The physical health and fitness of the father at the moment of conception can greatly impact the physical health of his offspring.

What kinds of exercises are safe during pregnancy?

Yes, exercise is allowed while expecting! In pregnancy, physical inactivity and excessive weight gain have been recognized as independent risk factors for maternal obesity and related pregnancy complications, including gestational diabetes mellitus and high blood pressure. In 1985, the American College of Obstetricians and Gynecologists (ACOG) issued the first guidelines for prenatal physical activity. These were based on the expert opinion of a panel of obstetricians. They endorsed the safety of most aerobic exercise but advised caution with high impact activities such as running, and included restrictions for duration (no longer than 15 minutes for strenuous physical activity), heart rate (no greater than 140 beats/minute), and core body temperature (no greater than 100.4°F/38°C). But medical data moves fast. The ACOG provided its most recent guidance regarding exercise during pregnancy in March 2020. The ACOG states:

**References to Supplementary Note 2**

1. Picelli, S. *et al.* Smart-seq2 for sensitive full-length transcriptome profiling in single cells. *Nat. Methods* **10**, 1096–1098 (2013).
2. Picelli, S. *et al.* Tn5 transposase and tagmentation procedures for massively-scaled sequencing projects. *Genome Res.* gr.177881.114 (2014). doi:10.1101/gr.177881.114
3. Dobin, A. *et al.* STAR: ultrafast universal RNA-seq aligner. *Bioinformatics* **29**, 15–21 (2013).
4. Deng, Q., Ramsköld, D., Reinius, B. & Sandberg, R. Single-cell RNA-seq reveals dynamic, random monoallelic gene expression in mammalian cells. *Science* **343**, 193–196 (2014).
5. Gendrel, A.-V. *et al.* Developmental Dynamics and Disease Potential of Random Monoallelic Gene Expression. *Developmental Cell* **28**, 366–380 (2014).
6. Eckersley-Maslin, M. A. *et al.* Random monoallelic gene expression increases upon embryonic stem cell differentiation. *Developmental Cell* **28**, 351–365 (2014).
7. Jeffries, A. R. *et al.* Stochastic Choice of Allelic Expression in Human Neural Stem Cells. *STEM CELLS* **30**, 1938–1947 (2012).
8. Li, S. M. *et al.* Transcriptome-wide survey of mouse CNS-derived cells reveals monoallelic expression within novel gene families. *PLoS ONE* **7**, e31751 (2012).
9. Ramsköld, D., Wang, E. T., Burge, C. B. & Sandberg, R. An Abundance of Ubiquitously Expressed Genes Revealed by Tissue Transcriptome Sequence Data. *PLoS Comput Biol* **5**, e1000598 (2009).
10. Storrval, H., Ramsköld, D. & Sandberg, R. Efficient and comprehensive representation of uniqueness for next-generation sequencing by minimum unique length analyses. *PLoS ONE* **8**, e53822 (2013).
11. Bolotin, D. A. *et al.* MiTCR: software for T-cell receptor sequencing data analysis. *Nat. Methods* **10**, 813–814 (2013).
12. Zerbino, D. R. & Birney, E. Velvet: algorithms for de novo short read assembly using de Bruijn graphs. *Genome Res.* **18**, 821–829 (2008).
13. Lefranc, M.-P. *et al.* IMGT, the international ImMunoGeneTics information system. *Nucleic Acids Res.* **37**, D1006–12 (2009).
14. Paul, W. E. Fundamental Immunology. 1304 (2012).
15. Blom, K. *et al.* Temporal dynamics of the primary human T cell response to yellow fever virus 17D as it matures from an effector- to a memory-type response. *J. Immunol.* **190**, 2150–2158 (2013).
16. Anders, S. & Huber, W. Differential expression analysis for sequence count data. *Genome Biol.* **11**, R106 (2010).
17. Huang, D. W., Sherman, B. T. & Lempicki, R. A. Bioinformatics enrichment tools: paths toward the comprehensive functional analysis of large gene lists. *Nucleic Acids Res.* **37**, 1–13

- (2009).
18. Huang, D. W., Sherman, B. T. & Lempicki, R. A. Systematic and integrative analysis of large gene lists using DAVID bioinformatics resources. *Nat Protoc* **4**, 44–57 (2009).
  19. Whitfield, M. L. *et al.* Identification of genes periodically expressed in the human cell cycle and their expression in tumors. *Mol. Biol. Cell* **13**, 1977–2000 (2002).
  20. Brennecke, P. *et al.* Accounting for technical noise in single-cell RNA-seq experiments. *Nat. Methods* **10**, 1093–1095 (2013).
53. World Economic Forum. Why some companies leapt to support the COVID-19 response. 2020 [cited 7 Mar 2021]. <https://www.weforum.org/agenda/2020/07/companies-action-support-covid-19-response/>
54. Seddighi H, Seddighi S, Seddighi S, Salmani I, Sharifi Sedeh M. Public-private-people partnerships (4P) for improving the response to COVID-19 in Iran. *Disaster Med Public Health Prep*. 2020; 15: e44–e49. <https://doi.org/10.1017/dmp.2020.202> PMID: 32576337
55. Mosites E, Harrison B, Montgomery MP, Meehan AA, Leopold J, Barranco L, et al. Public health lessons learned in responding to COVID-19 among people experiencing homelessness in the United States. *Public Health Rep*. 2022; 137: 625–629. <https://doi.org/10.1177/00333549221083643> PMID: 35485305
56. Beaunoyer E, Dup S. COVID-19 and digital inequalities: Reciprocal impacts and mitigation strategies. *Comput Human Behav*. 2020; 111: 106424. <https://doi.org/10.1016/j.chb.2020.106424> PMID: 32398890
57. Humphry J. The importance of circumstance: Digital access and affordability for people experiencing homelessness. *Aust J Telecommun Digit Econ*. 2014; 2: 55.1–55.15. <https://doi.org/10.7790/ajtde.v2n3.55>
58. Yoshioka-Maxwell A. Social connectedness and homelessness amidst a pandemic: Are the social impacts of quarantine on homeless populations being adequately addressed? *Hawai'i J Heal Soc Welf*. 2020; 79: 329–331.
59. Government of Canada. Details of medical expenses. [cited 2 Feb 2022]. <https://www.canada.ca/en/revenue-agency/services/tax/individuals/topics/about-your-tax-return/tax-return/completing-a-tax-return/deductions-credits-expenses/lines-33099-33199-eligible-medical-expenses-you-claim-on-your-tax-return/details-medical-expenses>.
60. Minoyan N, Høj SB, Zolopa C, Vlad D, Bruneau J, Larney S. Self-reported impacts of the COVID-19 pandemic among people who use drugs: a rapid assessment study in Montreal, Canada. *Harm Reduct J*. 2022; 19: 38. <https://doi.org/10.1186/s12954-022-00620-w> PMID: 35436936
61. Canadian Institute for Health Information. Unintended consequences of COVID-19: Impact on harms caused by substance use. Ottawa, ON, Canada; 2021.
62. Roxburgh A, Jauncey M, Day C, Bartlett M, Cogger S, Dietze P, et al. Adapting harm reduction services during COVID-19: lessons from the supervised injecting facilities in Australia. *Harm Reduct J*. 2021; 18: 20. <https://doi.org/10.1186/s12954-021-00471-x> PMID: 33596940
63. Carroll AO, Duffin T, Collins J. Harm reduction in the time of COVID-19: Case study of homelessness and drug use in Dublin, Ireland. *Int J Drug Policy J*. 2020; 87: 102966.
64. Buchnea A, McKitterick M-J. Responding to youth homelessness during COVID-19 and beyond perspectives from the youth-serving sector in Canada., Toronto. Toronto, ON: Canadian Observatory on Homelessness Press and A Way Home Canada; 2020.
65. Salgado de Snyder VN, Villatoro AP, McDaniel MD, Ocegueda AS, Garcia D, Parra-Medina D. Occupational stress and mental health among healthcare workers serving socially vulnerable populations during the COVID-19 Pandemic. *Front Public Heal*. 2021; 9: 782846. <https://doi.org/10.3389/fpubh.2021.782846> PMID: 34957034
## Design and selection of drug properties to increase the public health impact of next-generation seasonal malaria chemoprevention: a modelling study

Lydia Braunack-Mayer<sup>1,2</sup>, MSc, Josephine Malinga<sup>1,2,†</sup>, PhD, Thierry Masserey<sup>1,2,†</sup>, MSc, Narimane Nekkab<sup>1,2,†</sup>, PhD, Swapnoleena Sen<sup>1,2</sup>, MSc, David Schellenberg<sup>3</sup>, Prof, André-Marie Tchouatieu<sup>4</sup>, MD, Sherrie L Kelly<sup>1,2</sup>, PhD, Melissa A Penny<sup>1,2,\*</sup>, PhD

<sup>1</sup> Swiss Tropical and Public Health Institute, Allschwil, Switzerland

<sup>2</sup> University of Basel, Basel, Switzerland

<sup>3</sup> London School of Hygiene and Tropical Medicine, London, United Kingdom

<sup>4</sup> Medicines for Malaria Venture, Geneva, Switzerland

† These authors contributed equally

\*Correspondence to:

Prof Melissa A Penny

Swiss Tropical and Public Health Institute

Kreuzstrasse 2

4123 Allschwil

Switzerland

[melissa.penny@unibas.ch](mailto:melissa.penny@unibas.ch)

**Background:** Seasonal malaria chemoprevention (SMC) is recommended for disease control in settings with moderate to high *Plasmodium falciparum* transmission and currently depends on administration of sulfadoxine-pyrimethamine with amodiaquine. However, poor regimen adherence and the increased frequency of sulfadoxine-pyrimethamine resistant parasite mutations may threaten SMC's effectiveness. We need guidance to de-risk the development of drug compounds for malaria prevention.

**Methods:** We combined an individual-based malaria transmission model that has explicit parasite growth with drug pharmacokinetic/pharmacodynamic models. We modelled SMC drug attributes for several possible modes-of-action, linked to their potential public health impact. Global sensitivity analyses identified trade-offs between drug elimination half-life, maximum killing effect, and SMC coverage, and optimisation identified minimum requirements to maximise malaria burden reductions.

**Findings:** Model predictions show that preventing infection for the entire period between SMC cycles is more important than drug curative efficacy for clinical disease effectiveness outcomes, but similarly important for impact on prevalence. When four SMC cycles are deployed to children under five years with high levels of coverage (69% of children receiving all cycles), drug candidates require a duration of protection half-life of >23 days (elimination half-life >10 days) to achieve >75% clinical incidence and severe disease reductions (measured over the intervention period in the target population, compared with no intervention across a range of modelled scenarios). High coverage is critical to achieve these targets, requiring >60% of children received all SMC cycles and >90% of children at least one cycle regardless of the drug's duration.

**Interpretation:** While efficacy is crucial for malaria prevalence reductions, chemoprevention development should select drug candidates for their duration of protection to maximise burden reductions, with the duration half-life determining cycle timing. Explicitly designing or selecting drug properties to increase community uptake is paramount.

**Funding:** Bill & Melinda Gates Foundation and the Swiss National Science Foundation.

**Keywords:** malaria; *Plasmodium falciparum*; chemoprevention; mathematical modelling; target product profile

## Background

“… studies of women who exercise during pregnancy have shown benefits such as decreased gestational diabetes mellitus, decreased cesarean birth, and decreased postpartum recovery time. Physical activity also can be an essential factor in the prevention of depressive disorders of women in the postpartum period.” 

Maternal Benefits of Exercise During Pregnancy

  • Vaginal Delivery


  • Gestational Diabetes
  • High blood pressure